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In Dallas, Commercial Radio Without Commercials

April 22, 2007

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In Dallas, Commercial Radio Without Commercials

 

Facing increasing competition from satellite radio and iPods, Clear Channel Communications is trying something radically different at a commercial radio station in Texas: getting rid of the commercials.

As of today, KZPS in Dallas — on the dial at 92.5 FM or online at lonestar925.com — will no longer run traditional 30- or 60-second advertisements. Instead, advertisers sponsor an hour of programming, during which a D.J. will promote its product conversationally in what the company calls integration.

For example, the D.J. will identify Southwest Airlines, one of the station’s first advertisers, as the sponsor at the beginning of the program. In a prototype provided by the station, the D.J. later discusses the South by Southwest music festival, a popular annual event held in Austin, and concludes, “You know, the best way to get down to Austin for South by Southwest is Southwest Airlines. They have tons of flights. It’s the way I travel.”

The product-themed chitchat will account for about two minutes peppered throughout the hour, in contrast to the 12 minutes to 16 minutes of commercials that most stations broadcast each hour.

Advertisers will own not just the hour but also their categories. The station has four initial sponsors — Southwest Airlines, AT&T, Coors Brewing and Guitar Center — and will not sell advertising space to other airlines, phone companies, breweries or musical instrument stores.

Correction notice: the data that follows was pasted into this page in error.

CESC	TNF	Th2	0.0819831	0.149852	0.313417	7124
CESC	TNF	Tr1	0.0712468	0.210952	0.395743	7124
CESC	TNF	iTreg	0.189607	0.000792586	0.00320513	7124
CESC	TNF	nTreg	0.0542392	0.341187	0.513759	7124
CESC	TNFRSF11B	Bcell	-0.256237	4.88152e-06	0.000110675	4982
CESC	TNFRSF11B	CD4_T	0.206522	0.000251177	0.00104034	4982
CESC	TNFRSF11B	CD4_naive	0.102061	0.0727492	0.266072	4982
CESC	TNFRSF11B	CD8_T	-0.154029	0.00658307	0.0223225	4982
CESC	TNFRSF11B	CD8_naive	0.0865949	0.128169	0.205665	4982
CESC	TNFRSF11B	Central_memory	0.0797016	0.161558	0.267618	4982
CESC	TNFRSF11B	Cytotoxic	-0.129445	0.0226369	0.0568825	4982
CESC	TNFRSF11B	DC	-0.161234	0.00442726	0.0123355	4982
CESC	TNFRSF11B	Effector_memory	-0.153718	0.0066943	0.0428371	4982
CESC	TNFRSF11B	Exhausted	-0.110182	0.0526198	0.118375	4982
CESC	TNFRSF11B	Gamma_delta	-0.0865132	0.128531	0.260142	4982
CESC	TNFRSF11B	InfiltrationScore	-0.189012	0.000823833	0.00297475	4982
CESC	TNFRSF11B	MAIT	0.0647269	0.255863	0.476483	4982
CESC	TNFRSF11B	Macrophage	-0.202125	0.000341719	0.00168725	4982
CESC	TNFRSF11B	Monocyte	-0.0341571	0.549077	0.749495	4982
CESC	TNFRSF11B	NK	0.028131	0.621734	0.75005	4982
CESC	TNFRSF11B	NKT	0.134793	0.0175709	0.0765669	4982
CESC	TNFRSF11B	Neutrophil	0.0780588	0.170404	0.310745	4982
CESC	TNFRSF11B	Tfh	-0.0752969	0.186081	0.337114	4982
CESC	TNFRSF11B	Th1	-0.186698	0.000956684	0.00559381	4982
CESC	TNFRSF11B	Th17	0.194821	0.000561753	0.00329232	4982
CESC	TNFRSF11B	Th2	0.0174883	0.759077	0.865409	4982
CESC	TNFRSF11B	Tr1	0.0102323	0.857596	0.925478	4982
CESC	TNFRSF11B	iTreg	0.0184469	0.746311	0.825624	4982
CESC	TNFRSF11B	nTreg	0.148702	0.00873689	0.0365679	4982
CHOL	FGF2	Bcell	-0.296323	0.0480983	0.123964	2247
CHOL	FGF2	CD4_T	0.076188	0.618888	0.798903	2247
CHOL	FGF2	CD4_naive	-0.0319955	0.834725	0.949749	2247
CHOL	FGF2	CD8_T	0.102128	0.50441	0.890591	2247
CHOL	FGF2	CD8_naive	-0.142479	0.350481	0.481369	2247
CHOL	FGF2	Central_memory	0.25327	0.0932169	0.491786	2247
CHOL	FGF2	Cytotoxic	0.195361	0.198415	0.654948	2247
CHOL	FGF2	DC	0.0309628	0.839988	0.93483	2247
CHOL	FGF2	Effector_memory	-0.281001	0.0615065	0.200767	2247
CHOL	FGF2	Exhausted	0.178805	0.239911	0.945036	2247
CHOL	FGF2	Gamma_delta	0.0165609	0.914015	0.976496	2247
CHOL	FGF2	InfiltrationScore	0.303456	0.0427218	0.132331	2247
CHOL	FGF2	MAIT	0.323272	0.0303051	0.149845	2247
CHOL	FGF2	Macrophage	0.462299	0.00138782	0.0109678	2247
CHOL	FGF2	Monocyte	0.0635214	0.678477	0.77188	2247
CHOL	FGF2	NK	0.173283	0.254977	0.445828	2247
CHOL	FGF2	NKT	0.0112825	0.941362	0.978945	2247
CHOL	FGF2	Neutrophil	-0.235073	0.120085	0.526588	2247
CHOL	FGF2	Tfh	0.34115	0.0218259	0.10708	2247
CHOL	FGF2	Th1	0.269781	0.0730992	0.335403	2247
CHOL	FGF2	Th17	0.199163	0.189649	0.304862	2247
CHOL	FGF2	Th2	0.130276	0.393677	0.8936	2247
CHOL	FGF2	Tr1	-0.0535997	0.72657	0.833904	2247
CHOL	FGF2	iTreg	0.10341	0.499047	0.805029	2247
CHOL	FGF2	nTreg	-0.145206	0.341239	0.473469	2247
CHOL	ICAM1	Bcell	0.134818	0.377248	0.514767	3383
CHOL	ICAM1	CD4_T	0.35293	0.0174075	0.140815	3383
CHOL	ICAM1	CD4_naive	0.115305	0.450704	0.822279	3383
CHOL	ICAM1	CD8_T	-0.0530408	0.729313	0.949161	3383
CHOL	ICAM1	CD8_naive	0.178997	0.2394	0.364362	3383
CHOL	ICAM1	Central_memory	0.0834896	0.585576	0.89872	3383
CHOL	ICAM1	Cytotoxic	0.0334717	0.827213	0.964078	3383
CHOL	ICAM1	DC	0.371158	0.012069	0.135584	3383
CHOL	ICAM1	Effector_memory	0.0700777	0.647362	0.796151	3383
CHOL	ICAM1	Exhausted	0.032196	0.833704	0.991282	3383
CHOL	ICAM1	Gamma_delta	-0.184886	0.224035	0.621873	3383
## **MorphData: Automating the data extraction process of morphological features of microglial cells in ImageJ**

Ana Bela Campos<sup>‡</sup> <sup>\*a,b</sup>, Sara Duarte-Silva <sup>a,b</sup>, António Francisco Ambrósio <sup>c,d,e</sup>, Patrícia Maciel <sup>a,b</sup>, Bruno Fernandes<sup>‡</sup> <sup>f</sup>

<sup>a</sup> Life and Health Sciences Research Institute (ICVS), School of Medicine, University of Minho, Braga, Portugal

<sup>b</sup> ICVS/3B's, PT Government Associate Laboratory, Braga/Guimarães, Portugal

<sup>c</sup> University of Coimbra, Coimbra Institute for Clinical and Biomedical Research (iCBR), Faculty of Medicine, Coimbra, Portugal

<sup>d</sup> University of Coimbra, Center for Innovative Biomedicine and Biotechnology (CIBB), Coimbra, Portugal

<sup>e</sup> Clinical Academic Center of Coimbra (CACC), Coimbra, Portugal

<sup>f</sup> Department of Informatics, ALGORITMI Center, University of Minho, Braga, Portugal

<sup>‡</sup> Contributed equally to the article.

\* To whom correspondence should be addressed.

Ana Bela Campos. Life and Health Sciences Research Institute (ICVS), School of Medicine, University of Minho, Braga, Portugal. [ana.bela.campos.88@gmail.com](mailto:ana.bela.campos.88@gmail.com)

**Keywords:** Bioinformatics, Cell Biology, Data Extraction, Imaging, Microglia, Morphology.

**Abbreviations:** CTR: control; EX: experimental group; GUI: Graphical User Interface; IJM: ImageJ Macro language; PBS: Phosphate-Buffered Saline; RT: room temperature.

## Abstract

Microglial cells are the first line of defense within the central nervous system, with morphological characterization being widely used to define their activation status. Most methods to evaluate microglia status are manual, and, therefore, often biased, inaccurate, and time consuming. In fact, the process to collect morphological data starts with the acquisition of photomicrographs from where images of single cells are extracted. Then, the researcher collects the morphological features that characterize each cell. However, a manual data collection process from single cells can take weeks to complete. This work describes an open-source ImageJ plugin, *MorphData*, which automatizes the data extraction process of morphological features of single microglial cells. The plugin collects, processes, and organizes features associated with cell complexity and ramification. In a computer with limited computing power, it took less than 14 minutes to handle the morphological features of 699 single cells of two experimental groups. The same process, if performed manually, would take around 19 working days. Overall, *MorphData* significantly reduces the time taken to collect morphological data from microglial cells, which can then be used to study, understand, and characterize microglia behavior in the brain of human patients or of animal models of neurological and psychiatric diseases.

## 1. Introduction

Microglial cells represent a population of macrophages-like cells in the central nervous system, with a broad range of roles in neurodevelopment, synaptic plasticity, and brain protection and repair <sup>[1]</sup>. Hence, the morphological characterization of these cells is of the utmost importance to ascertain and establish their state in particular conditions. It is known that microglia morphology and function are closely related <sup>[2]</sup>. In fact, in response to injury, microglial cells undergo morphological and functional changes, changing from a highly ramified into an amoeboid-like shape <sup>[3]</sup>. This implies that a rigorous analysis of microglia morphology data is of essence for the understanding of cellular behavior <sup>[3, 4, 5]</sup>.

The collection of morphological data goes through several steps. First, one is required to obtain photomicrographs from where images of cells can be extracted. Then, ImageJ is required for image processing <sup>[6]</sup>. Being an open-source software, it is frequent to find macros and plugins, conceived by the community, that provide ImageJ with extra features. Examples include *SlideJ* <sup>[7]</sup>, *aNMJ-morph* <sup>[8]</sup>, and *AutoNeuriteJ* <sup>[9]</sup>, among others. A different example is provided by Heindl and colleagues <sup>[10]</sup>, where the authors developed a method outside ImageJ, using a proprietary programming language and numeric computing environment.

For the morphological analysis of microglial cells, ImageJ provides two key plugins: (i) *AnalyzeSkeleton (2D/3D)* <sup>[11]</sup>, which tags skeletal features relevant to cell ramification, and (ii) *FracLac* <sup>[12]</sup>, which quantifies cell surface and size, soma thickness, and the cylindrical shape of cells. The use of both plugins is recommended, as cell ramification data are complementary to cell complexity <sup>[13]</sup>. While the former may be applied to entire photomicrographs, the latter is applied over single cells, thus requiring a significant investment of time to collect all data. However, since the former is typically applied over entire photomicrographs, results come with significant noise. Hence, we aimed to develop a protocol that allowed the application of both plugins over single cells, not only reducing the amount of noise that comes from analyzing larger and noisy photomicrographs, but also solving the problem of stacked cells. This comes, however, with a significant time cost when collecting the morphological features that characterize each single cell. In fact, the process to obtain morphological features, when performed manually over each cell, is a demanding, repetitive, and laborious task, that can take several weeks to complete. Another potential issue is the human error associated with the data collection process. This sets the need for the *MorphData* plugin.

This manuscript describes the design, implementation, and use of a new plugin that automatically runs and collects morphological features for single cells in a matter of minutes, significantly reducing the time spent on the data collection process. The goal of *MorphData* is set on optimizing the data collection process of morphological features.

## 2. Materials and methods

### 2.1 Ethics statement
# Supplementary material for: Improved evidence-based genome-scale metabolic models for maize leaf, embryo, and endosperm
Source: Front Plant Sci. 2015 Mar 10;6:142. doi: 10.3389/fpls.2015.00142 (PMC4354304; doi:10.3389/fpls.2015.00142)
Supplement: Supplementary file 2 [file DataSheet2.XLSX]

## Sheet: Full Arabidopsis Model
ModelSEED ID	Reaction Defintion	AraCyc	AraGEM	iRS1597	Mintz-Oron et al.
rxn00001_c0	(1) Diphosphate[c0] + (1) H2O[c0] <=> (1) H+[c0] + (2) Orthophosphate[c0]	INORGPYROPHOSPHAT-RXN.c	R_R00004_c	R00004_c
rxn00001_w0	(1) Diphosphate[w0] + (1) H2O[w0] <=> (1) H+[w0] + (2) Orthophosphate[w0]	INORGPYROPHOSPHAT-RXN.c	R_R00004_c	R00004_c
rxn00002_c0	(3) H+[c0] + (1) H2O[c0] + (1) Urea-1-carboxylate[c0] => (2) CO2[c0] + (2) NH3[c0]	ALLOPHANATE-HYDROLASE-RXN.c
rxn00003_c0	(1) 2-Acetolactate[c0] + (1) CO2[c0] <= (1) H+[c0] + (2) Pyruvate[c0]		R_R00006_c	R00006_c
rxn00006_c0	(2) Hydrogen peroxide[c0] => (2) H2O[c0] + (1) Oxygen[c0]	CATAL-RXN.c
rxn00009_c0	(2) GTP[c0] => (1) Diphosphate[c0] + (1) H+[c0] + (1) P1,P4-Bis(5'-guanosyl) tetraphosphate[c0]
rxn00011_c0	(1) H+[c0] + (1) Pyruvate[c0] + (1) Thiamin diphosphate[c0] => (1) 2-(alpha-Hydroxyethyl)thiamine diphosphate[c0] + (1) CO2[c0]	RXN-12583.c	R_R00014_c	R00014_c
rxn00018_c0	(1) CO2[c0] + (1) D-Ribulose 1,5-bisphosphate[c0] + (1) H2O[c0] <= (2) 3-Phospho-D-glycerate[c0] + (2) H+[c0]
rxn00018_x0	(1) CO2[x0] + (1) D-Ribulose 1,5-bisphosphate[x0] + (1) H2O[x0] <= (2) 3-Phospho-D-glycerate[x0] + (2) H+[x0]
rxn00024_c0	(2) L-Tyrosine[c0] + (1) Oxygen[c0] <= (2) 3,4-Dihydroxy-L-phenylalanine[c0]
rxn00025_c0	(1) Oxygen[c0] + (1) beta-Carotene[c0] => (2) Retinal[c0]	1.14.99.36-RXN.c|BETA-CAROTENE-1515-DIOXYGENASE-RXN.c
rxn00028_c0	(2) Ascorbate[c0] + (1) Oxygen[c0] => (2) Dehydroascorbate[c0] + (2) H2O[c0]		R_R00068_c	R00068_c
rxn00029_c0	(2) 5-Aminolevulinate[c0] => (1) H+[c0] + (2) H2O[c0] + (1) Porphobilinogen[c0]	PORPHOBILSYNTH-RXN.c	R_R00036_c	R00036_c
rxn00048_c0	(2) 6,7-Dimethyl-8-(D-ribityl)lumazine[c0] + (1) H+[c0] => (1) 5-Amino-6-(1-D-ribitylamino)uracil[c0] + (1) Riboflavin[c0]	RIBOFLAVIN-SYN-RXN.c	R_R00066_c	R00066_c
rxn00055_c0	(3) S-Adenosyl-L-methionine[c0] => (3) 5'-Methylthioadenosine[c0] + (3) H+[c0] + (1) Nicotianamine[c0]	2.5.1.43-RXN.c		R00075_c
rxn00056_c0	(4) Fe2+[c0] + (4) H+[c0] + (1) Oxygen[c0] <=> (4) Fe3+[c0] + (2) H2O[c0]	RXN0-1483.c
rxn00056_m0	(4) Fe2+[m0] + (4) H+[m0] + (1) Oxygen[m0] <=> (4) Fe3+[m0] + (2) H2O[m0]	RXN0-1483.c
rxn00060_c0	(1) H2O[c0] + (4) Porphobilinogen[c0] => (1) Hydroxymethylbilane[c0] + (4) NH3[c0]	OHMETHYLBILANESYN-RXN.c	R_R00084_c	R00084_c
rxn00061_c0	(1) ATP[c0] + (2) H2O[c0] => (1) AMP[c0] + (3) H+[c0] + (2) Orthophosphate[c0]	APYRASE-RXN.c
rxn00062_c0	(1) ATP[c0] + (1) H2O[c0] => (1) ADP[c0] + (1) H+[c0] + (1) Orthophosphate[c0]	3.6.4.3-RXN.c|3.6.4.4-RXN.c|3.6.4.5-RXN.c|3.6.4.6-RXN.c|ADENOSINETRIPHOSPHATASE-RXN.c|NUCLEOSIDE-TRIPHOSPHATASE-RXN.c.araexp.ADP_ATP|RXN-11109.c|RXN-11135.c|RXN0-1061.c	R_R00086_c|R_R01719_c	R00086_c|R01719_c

Clear Channel’s move is not unprecedented. In 2005, three stations on Long Island owned by the Morey Organization experimented with a similar model but eventually returned to conventional commercials.

“At a time like this, it’s easier to postulate sponsorships and product placement than actually walk away from your spot-advertising revenue,” said Sean Ross, a radio analyst with Edison Media Research.

While commercial radio stations once had automobile drivers’ ears all to themselves, competition today is intense. The satellite companies Sirius and XM offer scores of noncommercial stations, and new cars are increasingly factory-equipped to play iPods.

“People are not as willing to listen to the commercials, and soon we’ll have the Internet streaming directly into cars,” said Robert Unmacht, a Nashville-based radio consultant.

He called the Dallas station’s sponsorship approach “an interesting experiment and I applaud them for it. The key is to give it enough time to develop it, which is hard in a world that’s judged in 13-week periods.”

J. D. Freeman, market manager for the Dallas station, said that Clear Channel intended to give the experiment some time to show a profit.

“Corporate has insulated us from having to get everything done in the next 90 days,” Mr. Freeman said. “It’s going to take a while to get the revenue model revved up, but we believe we’ll be successful in Dallas.”

Success would be most welcome for the station, which according to Arbitron slipped to 17th place in the fall of 2006, the most recent ratings period, from 7th in the fall of 2000, when Clear Channel acquired it.

Shareholders of Clear Channel, which owns about 1,150 radio stations are to vote on a $19.4 billion takeover bid from Thomas H. Lee Partners and Bain Capital Partners on May 8.

The Dallas station is also overhauling its format, switching from classic rock to a Texas-inflected rock-country hybrid. An average hour will include the likes of Lynyrd Skynyrd, Bob Dylan, Johnny Cash and Drive-By Truckers. That, too, is raising eyebrows.

“In a major market, for a classic rock station to change formats is really an anomaly,” said Fred Jacobs, a radio industry consultant from Detroit who helped popularize the classic rock format in the mid-1980s. “You could make a nice, long, healthy list of top five stations that are classic rock,” and several would be No. 1 or No. 2 in their markets, he said.

But Mr. Freeman, the Dallas station manager, says he has had his fill of classic-rock bands like Led Zeppelin. “A friend of mine said, ‘They’ve been climbing that stairway to heaven for 30 years, you’d think they’d be there by now,’ ” he said.

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